Stamford Bridge is a legendary stadium by every standard and even after reconstruction its field won't be moved from its historical site. But everything else will change.
Stamford Bridge has been the home of Chelsea Football Club since its formation in 1905 but the defending Premier League champions are considering a move away from their roots. In recent years, both Arsenal and West Ham United have left iconic stadia for greener pastures and Tottenham Hotspur will officially move into their new 61,000 capacity football arena in time for the start of the 2018-19 campaign. Meanwhile, the Evening Standard claim that Chelsea have been given the green light on their own redevelopment at the Bridge but is this a positive move or one that will erase the memory of a fantastic venue for top-flight football?
© Chelsea FC
First and foremost, Chelsea need a bigger stadium. As emotional as a Stamford Bridge exit would be, a sell-out capacity crowd of just over 40,000 supporters doesn’t cut it. To put it into perspective, both Sunderland and Aston Villa – now competing in the second tier of English football – boast larger stadiums than Chelsea. The Stamford Bridge development project will see Chelsea’s capacity grow to 60,000 spectators and this will certainly appeal to the Blues hierarchy. If Antonio Conte’s men continue to challenge for silverware, there will be a mass demand for tickets on a weekly basis – especially if one of the new stands is named after the now-retired club legend John Terry.
From a business perspective, getting fans in and selling merchandise is the primary objective on a match day. Over the course of a season, winning silverware and challenging for the Premier League title is the main aim but on any given match day, taking money over the counter is important. More seats will mean more people to buy food, drinks and goods from the official club shop and that money will go back into the club. According to a report in The Sun, the new stadium will cost around £500 million to develop so Chelsea will need to sell plenty of pies and pints to make their money back.
Atmosphere to Take a Hit?
On the other hand, you must consider the stadium’s emotional value to Chelsea fans and there will be plenty of supporters who are against the redevelopment. A bigger stadium can diminish the atmosphere and vibe inside the ground and you only need to look at how West Ham have struggled to rebuild after leaving the Boleyn Ground for the Olympic Stadium at the beginning of the campaign. By the same token, Arsenal have failed to regain their spot at the top of English football since relocating to the Emirates Stadium back in 2006 and these stadiums, whilst spectacular on the eye, can have an adverse effect on a football club. Will it necessarily have the same kind of negative impact on Chelsea as it did to West Ham? It’s very unlikely.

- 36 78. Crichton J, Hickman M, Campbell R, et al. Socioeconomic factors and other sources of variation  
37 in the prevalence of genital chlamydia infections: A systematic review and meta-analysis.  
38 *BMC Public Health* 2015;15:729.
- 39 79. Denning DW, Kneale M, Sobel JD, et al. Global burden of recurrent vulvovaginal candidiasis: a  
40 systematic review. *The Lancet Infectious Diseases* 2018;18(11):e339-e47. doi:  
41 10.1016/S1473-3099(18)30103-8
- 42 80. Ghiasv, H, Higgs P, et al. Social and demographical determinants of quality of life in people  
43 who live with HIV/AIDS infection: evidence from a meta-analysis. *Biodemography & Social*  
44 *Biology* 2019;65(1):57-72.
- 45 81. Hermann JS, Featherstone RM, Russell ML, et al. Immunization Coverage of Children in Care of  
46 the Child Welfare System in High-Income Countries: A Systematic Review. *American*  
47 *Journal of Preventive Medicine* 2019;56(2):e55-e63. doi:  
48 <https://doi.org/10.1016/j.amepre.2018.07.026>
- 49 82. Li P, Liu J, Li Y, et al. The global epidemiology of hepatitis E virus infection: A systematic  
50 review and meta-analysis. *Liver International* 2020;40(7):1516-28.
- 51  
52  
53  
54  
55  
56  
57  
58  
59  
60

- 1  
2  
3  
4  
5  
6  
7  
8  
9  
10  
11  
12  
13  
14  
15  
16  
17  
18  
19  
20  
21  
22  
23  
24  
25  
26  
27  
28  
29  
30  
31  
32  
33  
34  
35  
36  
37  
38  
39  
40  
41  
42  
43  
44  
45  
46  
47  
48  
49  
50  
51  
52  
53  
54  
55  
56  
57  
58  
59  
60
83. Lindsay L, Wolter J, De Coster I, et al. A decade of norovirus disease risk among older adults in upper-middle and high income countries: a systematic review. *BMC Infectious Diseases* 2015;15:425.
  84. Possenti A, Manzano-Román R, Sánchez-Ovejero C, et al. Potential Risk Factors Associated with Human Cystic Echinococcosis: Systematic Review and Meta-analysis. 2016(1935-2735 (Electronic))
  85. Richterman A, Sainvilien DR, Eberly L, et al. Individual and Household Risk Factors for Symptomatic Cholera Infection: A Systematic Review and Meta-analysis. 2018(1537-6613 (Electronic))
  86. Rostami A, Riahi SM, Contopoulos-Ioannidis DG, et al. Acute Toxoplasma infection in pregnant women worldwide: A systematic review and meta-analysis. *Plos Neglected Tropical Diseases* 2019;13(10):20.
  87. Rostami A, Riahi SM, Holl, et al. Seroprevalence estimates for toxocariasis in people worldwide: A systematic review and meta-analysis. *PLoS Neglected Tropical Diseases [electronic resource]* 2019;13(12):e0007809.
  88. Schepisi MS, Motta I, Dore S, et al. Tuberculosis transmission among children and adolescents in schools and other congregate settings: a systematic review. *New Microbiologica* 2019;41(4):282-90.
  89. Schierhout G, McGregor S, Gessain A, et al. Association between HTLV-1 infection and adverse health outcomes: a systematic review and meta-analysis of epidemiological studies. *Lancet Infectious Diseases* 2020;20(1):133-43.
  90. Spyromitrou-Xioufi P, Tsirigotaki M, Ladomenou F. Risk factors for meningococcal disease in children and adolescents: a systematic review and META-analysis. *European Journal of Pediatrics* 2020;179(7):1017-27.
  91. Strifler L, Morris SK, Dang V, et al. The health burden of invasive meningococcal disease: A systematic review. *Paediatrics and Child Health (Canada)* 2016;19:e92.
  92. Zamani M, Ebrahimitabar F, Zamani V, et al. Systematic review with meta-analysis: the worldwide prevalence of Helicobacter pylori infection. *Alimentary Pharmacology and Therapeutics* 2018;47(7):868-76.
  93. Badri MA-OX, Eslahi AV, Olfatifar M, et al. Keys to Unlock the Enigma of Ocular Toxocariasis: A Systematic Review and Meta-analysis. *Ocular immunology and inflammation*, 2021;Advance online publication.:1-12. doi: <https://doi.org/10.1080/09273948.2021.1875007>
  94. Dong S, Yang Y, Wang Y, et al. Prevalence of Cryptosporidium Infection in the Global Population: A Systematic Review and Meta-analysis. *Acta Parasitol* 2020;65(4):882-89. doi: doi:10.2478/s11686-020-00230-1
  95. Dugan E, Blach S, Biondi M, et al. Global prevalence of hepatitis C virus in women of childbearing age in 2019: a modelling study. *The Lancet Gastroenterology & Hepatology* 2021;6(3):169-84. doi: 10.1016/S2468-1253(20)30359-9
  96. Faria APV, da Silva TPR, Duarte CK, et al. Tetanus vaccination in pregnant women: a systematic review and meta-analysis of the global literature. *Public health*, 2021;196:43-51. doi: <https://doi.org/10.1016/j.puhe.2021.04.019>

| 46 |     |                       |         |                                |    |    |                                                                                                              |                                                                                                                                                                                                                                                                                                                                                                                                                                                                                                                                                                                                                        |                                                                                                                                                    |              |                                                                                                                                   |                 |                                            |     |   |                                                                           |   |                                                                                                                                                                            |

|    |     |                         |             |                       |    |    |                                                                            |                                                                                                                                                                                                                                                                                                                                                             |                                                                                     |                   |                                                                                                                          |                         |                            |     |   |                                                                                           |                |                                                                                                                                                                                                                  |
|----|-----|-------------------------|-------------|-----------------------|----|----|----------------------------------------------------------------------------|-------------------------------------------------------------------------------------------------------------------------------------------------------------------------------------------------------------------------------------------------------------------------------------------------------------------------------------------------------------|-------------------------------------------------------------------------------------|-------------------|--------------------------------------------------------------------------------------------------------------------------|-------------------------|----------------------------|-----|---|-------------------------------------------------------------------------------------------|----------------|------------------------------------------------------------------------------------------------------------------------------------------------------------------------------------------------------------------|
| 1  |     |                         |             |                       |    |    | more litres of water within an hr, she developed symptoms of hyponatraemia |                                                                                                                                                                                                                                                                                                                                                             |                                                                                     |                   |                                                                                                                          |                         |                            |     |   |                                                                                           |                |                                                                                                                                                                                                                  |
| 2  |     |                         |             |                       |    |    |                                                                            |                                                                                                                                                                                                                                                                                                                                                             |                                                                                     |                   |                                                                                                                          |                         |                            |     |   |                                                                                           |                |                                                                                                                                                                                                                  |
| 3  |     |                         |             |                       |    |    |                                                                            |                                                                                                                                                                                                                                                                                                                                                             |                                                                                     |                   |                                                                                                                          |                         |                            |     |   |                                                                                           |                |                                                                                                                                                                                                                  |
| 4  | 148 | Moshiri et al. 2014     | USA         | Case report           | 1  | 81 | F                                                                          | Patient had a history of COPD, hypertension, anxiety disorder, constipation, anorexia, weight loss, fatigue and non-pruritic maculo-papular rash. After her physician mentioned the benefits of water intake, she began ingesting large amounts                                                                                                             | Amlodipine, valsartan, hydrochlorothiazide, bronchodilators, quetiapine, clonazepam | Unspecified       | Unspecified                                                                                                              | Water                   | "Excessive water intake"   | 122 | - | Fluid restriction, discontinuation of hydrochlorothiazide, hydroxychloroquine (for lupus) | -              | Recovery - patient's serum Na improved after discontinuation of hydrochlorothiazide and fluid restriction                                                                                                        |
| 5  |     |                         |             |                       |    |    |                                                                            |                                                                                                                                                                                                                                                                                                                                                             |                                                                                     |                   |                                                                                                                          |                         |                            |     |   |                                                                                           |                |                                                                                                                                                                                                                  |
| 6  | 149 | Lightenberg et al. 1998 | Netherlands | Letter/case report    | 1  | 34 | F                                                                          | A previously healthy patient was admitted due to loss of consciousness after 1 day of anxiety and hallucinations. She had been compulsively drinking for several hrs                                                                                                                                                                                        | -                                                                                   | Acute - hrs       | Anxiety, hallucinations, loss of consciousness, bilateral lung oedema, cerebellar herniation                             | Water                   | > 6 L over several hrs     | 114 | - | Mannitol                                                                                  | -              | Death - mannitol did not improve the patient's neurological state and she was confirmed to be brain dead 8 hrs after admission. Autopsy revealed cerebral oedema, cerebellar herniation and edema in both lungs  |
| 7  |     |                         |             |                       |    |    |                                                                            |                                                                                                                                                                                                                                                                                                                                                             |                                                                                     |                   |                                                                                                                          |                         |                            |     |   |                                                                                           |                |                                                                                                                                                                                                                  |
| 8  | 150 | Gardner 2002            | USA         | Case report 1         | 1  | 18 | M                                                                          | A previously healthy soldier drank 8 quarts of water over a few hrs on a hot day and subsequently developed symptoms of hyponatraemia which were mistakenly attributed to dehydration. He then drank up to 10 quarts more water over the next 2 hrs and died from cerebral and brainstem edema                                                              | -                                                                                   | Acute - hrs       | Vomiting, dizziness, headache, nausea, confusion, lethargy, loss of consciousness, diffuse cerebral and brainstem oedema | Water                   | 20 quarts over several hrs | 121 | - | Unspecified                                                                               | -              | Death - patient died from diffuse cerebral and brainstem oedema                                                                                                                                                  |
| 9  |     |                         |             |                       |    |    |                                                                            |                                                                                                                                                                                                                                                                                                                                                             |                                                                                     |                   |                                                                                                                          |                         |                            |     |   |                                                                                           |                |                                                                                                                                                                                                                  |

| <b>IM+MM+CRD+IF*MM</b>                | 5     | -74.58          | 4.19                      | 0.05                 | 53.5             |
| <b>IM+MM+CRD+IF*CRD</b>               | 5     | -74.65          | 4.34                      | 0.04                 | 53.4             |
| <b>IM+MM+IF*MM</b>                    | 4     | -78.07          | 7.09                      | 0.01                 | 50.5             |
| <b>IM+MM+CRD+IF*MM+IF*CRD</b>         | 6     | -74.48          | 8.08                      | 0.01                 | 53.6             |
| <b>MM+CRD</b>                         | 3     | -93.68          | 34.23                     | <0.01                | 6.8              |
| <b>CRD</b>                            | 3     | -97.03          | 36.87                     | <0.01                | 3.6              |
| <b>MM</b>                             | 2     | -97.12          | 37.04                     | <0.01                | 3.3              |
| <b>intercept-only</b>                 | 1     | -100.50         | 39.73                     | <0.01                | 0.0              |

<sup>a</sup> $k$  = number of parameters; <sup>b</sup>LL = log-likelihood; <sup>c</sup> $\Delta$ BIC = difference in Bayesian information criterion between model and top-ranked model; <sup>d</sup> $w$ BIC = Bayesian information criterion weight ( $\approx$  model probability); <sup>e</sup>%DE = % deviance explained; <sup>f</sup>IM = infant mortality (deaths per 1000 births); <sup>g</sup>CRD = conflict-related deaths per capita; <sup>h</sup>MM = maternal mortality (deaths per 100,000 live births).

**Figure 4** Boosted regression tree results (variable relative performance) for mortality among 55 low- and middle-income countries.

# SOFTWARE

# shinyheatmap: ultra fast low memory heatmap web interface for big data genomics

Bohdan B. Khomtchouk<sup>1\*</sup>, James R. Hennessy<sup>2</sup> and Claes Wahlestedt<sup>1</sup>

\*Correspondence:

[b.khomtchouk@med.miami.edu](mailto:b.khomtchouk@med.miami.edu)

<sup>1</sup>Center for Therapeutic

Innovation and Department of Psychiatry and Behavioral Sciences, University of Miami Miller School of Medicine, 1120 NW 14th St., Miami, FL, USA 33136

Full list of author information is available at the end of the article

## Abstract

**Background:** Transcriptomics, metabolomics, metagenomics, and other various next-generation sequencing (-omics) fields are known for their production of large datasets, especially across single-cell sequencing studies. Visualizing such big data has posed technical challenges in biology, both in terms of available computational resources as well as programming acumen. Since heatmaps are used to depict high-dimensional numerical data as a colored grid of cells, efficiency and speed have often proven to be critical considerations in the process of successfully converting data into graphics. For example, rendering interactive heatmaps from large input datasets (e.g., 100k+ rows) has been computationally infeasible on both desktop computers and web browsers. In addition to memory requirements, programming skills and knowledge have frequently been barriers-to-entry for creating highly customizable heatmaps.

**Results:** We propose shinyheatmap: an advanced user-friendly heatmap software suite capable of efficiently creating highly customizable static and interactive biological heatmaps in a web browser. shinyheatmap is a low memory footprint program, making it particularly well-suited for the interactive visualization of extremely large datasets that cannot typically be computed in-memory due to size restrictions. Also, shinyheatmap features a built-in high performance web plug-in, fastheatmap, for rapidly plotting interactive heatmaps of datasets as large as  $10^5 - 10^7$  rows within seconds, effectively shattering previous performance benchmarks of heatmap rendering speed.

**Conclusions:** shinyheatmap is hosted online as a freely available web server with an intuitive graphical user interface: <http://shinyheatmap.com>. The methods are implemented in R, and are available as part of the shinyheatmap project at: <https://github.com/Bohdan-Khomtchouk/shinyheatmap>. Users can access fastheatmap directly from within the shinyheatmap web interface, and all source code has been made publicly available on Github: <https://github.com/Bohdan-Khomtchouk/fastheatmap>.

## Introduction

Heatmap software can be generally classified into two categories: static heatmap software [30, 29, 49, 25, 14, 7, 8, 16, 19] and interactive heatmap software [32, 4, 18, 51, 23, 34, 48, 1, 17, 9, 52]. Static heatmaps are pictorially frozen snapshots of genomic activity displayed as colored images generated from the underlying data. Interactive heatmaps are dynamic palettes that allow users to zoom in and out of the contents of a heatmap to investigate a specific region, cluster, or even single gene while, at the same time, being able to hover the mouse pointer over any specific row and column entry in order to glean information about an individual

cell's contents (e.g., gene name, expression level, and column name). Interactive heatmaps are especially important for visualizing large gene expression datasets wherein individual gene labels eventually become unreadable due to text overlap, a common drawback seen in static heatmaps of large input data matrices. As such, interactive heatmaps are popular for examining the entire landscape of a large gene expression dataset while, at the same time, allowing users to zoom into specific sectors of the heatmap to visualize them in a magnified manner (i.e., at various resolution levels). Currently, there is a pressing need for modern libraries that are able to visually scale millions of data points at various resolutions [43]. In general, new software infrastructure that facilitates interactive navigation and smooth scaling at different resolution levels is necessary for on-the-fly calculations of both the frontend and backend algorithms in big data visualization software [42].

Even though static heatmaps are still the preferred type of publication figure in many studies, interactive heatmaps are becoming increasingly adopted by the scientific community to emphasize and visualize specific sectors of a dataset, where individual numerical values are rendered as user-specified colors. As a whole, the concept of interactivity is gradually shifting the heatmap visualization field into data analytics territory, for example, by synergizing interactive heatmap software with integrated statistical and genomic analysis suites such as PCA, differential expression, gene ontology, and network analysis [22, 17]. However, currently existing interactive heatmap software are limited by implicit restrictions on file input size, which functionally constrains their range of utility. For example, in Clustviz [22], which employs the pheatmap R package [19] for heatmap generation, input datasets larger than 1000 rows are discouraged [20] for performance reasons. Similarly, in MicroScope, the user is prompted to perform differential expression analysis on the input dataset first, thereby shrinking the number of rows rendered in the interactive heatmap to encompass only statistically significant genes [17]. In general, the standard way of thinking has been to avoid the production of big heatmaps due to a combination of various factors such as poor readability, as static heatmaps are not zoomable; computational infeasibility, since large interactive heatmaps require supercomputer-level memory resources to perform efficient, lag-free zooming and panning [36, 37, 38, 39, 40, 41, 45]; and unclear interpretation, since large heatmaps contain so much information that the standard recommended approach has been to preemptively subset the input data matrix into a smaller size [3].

First of all, the Hammers simply cannot compete with the Blues in terms of resources. Chelsea are an elite European side, capable of reaching the latter stages of the Champions League whilst West Ham are a consistent Premier League club. Conte’s men are priced at 7/2 with Betway as of June 7th, 2017 to retain the Premier League title next season, with the Hammers valued at 400/1. There is a huge gulf in class between the two sides and Chelsea’s ability to attract world class talent should give the Blues a decent opportunity to keep pace at the top of the table.
Chelsea Can Make a Success of It
Supporters may struggle to come to terms with life in a new environment but in time, most fans will realise that relocating is the right call. It will feel strange for some time but Chelsea have a fan base capable of making the move a successful one. Stamford Bridge will never be the same again but in today’s day and age, a 44,000 capacity crowd just isn’t enough. The Blues deserve to be playing in front of 60,000 adoring, passionate fans and the fans deserve to watch their beloved club in a stadium fitting of top-flight champions and expansion is the only option.
© Chelsea FC
In its heydey, Stamford Bridge was one of the most daunting stadiums in England and Blues fans will have fond memories, ranging from a first FA Cup triumph in 1970 to the present day Roman Abramovich era. Chelsea are a fantastic football club and they will continue to shine at the forefront of English football for the foreseeable future. The impending move ahead of the 2022/23 campaign shouldn’t hinder their progress, instead, Chelsea may flourish and dominate the English landscape for the next decade. It will be emotional but relocating to the new and improved Stamford Bridge is an absolute must for the Blues to move with the times.